Please use this identifier to cite or link to this item: http://hdl.handle.net/2440/131219
Type: Thesis
Title: Understanding snacking: the role of personality and habit strength
Author: Mercorella, Sarah A
Issue Date: 2020
School/Discipline: School of Psychology
Abstract: Snacking, or eating in-between main meals, especially the consumption of snacks high in fat, salt and/or sugar is a major contributor to excessive energy-intake and long-term weight gain. Previous research has explored the predictors of unhealthy snacking, including personality traits. However, there is a need to investigate potential explanatory variables such as reasons for snacking, and habit strength that may explain these associations. In this study, we explored the relationship between personality traits, habit strength, and snacking motivations and behaviours. Participants included 230 Australian adults (Male 26%; Female 71%; Other 3%) aged 18-77 who completed an online survey. Survey items assessed personality traits (The Big Five Inventory 2); habit strength (the Self-Report Habit Index); reasons for snacking (the Eating Motivation Scale), and snacking behaviour (the Snack Frequency Questionnaire; Snack Preference Task). Correlation and multiple regression analyses were run to explore the relationships: (a) between respondents’ reasons for snacking and personality traits; (b) habit strength on snacking behaviours; and (c) between personality and habit strength and the reasons for snacking. The results indicated that personality traits and reasons for snacking predicted the quantity and quality of both momentary and habitual snack choices. In particular, the results indicated different snacking pathways based on personality and reasons for snacking, with traits such as conscientiousness being associated with healthy adaptive snacking motivations and choices, and neuroticism being associated with more emotion-driven and less healthy snack choices.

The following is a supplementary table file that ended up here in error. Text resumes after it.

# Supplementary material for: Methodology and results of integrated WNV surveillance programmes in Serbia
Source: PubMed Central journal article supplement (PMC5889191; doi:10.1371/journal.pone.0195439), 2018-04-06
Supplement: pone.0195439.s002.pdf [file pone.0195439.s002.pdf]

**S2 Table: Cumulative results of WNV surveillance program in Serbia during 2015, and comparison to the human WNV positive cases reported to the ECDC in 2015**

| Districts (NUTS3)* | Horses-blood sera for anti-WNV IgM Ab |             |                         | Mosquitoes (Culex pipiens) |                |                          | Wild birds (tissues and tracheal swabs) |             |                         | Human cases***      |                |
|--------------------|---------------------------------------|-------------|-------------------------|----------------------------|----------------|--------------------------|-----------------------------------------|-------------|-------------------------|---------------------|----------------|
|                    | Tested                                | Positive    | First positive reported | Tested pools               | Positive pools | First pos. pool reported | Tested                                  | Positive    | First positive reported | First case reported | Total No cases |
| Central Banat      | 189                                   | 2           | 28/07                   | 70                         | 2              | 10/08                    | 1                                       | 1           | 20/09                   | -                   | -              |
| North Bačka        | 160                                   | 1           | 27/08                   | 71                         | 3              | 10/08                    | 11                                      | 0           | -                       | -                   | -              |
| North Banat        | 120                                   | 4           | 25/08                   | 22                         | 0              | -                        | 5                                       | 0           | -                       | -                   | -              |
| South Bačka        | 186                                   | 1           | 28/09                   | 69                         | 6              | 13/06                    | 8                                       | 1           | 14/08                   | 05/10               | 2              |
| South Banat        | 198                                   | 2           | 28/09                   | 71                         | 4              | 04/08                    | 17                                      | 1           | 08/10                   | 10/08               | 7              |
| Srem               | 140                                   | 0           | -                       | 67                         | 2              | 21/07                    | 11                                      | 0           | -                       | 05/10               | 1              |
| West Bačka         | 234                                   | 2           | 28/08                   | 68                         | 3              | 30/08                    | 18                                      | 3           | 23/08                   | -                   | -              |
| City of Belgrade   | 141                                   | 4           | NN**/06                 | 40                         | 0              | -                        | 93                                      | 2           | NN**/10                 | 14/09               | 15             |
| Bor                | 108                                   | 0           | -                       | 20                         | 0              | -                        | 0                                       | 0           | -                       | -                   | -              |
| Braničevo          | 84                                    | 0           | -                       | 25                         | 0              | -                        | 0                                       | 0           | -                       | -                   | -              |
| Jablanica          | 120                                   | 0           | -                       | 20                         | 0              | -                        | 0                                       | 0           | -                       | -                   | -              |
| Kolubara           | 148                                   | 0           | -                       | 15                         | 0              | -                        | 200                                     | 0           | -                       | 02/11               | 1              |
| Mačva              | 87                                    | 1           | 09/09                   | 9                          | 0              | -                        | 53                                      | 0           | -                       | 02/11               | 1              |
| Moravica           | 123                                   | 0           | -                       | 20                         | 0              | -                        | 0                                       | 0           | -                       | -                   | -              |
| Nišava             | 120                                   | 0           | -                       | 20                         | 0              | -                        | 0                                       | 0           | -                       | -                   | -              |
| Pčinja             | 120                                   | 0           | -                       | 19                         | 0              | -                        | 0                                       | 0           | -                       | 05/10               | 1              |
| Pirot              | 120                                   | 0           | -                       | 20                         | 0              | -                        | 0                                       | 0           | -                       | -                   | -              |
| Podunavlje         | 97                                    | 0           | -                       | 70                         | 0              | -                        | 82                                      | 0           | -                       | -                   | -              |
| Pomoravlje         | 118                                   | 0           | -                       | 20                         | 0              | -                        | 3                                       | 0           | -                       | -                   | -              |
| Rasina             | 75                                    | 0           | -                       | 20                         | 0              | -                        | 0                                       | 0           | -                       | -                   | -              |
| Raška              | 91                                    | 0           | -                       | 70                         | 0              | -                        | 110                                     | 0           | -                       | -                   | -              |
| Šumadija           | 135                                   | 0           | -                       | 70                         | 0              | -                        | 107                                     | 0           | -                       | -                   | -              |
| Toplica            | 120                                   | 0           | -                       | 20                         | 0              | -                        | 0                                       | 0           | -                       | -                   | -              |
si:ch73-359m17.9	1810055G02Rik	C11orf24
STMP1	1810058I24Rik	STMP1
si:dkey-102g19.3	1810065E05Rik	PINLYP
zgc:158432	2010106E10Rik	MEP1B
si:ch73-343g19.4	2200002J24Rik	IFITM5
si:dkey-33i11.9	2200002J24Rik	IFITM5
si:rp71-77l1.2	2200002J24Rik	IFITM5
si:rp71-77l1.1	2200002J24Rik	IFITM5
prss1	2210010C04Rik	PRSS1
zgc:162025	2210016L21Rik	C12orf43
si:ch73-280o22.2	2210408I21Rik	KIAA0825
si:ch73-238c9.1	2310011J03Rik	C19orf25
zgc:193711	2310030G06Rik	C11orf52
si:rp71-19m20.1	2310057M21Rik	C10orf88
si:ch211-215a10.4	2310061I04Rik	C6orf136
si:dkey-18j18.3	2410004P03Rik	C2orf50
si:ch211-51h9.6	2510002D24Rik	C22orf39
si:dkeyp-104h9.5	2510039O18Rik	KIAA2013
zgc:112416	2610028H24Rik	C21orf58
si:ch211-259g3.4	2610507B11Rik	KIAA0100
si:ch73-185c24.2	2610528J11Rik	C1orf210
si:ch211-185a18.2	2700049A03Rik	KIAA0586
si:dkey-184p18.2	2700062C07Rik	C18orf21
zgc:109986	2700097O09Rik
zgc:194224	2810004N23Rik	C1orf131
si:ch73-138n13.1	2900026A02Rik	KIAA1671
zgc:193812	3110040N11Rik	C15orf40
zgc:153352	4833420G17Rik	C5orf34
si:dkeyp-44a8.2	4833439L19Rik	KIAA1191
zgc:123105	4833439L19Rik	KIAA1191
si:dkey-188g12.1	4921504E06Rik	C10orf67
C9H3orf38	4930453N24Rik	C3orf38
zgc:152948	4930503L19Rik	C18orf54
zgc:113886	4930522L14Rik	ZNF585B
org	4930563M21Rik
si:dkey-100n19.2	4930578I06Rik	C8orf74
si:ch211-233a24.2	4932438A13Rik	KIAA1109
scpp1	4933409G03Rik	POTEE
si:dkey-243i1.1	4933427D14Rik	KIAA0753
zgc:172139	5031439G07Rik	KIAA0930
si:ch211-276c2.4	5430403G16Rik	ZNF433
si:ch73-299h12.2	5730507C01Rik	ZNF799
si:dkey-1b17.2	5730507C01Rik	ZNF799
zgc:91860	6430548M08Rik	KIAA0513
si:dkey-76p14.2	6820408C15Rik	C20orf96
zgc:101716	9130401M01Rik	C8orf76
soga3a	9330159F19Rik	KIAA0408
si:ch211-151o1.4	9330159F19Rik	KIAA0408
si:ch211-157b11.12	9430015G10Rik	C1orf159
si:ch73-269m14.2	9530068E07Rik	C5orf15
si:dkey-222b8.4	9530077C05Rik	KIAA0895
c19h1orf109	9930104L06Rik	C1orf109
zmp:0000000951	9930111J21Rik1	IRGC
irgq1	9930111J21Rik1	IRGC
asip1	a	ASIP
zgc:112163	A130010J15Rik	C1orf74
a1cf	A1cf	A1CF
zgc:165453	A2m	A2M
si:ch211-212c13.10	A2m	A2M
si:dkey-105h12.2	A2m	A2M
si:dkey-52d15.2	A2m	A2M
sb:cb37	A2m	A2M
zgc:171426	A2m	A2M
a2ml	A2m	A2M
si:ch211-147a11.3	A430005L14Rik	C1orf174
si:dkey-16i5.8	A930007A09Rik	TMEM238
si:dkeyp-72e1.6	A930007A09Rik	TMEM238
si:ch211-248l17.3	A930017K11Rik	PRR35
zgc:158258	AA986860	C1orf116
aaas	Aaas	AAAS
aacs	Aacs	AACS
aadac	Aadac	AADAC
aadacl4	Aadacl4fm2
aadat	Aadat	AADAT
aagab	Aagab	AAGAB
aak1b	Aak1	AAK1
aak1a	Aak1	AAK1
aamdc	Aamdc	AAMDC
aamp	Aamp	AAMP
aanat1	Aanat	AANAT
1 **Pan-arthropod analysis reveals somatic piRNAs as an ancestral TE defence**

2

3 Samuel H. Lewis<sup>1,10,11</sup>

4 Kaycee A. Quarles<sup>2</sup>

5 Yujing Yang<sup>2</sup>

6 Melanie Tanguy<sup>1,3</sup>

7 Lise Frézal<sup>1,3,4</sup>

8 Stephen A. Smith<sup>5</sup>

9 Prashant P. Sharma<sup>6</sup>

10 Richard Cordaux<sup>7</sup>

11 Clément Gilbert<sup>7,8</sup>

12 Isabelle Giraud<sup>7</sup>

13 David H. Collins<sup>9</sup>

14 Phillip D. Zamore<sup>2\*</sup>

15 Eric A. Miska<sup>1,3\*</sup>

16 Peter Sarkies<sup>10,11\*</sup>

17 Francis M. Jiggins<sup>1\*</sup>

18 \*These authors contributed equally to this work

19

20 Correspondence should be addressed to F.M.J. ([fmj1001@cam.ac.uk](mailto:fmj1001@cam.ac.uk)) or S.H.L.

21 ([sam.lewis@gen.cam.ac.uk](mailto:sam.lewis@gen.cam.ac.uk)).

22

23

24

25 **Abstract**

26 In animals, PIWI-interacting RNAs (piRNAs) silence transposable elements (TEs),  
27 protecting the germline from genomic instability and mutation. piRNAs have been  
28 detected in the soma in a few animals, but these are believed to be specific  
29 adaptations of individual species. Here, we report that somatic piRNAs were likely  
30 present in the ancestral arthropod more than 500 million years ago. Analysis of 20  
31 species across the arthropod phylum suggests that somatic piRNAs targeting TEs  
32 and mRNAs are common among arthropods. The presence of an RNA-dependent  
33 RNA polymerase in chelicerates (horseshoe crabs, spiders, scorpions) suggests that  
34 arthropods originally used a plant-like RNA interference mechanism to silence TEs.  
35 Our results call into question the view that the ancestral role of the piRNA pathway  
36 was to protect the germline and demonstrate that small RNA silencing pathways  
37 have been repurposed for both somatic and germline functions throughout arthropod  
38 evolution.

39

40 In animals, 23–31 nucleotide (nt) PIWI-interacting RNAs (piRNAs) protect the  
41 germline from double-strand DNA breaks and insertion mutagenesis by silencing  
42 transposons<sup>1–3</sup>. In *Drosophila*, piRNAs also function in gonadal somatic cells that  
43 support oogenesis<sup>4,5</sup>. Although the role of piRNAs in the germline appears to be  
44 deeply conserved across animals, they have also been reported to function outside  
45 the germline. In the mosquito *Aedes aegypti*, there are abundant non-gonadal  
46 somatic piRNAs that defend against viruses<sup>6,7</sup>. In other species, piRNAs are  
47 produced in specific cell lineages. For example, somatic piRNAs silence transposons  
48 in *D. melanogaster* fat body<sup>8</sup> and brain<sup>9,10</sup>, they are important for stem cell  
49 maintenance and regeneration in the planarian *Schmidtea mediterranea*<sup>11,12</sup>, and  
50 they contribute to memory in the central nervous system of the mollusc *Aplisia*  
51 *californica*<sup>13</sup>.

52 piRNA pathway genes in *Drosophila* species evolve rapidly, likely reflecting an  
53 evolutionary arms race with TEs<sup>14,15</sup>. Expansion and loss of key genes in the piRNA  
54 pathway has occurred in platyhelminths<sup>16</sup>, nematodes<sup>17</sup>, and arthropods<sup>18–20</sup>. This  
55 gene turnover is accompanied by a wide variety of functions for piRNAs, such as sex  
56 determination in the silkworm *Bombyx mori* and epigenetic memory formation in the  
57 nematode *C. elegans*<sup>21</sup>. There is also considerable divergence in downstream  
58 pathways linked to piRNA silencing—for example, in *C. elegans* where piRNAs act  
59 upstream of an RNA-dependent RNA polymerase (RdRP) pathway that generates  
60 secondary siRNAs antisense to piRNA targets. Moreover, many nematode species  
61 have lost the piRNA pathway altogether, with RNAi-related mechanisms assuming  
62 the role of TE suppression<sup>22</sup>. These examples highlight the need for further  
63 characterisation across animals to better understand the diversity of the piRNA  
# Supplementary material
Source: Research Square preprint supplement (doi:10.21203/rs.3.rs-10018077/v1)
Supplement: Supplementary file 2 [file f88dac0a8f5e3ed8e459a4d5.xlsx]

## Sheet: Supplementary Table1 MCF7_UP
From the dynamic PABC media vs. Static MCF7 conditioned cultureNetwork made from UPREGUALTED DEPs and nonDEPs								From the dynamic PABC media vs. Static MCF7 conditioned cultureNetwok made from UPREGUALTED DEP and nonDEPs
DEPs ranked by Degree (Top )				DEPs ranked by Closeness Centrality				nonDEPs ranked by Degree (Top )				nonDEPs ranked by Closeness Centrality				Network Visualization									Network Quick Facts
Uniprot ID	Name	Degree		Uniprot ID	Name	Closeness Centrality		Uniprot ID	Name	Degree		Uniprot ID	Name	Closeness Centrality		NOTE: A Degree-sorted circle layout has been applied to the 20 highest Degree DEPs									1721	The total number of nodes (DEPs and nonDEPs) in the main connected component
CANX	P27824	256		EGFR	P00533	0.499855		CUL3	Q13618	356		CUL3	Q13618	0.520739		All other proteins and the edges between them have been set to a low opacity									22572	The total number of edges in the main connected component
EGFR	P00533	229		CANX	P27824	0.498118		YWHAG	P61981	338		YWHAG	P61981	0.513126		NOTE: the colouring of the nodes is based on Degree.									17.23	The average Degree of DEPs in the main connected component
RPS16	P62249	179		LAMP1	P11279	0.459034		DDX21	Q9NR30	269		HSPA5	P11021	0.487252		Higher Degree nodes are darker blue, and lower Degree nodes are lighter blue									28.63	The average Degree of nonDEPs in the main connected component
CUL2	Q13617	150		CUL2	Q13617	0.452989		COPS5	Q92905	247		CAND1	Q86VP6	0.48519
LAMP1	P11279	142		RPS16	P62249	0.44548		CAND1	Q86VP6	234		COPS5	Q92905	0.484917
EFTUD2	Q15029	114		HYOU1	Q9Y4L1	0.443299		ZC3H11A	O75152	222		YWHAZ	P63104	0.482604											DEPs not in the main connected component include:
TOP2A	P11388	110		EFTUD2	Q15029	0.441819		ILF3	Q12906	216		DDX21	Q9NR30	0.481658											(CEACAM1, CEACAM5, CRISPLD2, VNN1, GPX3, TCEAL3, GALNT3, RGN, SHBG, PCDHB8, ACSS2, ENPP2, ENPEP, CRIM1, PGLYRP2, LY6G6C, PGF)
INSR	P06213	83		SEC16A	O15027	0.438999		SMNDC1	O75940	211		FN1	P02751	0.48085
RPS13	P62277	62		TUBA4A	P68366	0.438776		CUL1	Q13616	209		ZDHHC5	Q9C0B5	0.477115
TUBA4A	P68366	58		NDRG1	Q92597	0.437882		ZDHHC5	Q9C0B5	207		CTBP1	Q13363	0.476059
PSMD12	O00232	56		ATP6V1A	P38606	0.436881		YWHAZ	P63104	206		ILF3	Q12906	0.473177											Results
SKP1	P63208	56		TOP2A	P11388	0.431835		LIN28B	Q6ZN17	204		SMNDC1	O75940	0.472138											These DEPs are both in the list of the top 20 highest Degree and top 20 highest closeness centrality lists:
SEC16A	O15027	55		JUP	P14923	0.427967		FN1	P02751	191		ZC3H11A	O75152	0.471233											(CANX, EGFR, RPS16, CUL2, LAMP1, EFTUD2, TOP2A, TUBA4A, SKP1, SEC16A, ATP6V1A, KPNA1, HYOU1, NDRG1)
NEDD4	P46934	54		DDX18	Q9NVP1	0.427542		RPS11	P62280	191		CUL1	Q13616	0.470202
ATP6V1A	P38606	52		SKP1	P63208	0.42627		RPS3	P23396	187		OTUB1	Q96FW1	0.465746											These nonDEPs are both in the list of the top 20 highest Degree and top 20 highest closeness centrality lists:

Dissertation Note: Thesis (B.PsychSc(Hons)) -- University of Adelaide, School of Psychology, 2020
Keywords: Honours; Psychology
Description: This item is only available electronically.
Provenance: This electronic version is made publicly available by the University of Adelaide in accordance with its open access policy for student theses. Copyright in this thesis remains with the author. This thesis may incorporate third party material which has been used by the author pursuant to Fair Dealing exceptions. If you are the author of this thesis and do not wish it to be made publicly available, or you are the owner of any included third party copyright material you wish to be removed from this electronic version, please complete the take down form located at: http://www.adelaide.edu.au/legals
Appears in Collections:School of Psychology

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